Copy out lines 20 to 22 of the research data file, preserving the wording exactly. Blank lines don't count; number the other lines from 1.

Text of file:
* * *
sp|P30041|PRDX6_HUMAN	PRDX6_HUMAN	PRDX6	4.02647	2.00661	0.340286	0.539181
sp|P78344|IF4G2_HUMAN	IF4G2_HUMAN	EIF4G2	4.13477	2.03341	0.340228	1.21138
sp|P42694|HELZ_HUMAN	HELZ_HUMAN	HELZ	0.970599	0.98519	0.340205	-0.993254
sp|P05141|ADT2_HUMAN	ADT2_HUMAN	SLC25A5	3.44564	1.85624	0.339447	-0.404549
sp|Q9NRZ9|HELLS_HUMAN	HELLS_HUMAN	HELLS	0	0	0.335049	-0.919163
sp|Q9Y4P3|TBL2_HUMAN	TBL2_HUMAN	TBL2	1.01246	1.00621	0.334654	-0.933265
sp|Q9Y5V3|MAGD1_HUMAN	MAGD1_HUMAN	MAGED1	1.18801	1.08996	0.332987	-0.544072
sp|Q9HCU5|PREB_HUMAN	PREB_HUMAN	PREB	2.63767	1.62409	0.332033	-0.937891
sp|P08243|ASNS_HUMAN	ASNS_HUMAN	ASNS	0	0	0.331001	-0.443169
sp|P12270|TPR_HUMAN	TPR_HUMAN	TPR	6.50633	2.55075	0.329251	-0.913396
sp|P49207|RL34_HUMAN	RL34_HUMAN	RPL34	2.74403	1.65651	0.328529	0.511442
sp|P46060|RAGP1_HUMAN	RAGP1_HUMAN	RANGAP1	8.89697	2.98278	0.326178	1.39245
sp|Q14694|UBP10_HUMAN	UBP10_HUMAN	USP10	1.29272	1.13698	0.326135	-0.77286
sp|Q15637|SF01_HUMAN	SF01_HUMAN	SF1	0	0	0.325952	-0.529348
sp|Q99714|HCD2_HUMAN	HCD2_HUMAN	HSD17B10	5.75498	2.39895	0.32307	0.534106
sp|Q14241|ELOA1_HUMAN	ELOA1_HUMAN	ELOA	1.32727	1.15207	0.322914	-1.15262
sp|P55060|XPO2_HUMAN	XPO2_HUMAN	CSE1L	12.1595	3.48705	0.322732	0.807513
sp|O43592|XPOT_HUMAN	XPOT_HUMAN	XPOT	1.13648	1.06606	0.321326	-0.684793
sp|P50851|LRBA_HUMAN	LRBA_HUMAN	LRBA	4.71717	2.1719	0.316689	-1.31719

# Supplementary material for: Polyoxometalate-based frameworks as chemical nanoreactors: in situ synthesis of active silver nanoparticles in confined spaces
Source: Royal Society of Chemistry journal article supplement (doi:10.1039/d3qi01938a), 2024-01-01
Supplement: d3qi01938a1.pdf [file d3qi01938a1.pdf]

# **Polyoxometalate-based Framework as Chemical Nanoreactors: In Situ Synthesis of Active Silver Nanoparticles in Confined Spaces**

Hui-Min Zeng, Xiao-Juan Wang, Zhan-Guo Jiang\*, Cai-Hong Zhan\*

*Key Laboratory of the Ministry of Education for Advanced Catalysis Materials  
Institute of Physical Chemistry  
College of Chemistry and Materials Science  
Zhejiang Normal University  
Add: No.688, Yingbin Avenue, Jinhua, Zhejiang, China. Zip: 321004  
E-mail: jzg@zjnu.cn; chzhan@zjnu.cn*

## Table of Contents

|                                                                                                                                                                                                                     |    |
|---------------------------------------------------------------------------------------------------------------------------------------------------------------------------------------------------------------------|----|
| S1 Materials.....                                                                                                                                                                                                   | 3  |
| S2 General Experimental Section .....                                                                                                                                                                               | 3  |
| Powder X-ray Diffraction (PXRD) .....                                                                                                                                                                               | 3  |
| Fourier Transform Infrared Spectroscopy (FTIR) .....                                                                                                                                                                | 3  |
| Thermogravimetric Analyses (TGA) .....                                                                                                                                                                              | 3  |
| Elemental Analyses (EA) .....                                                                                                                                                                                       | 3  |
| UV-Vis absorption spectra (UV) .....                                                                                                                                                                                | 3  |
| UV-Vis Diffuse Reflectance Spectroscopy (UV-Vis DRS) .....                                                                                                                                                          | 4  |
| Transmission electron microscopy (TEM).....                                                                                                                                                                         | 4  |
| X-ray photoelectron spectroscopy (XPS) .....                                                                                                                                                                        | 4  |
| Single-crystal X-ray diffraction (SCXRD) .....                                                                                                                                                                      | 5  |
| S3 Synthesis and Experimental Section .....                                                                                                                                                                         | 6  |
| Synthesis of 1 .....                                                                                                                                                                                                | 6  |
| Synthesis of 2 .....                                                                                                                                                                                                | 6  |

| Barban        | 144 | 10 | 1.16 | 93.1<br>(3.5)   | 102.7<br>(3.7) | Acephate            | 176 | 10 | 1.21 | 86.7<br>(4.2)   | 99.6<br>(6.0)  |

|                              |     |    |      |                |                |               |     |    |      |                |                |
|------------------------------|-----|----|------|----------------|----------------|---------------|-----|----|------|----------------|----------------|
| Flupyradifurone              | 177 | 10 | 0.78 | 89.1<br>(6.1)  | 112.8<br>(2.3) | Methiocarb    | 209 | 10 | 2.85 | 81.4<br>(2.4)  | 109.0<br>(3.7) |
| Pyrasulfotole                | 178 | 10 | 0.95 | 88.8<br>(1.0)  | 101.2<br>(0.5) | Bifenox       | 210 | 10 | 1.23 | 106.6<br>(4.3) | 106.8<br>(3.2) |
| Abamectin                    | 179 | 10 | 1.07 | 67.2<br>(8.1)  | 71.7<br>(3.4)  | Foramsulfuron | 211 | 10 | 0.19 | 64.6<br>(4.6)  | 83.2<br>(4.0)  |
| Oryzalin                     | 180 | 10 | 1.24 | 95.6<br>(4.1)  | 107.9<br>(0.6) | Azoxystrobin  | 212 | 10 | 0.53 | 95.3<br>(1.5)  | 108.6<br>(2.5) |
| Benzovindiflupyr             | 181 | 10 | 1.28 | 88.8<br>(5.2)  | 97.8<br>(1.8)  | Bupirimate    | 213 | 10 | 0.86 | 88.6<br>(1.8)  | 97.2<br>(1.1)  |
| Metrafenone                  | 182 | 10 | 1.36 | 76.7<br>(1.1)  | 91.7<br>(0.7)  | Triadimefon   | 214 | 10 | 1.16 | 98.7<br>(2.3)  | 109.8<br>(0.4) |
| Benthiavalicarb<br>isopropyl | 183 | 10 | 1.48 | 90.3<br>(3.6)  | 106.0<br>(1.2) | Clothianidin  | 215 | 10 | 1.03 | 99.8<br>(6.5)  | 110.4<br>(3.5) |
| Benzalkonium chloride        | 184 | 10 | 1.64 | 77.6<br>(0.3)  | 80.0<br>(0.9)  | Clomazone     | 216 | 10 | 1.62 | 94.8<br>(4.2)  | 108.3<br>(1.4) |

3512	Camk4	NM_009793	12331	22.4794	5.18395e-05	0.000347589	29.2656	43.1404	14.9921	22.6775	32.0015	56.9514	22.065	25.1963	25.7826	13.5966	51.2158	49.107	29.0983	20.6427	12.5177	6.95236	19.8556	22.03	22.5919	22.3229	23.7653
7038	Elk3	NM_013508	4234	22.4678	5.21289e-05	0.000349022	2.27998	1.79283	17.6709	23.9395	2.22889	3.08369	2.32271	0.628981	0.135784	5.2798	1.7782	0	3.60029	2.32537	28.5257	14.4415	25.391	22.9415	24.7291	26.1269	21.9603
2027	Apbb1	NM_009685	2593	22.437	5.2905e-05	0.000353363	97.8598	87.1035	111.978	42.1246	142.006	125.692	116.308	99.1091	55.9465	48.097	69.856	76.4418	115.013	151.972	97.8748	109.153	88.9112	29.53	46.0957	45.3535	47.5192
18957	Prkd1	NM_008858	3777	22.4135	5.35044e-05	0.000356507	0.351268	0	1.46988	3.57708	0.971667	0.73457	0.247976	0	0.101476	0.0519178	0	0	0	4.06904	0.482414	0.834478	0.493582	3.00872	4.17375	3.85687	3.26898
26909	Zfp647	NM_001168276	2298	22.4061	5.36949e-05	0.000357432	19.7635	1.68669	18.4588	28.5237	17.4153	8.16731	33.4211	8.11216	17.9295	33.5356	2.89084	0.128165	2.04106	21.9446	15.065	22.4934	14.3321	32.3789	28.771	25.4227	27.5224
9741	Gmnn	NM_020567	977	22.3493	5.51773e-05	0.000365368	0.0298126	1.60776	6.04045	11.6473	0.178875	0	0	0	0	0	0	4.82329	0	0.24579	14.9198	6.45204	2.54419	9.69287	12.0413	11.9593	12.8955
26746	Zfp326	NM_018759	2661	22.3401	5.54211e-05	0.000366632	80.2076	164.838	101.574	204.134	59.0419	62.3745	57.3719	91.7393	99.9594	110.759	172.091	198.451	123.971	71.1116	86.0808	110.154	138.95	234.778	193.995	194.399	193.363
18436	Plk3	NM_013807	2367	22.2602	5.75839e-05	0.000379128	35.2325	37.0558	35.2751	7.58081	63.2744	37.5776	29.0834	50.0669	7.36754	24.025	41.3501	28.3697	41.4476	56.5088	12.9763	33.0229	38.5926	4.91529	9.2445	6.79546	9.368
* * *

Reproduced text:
# Supplementary material for: Polyoxometalate-based frameworks as chemical nanoreactors: in situ synthesis of active silver nanoparticles in confined spaces
Source: Royal Society of Chemistry journal article supplement (doi:10.1039/d3qi01938a), 2024-01-01
Supplement: d3qi01938a1.pdf [file d3qi01938a1.pdf]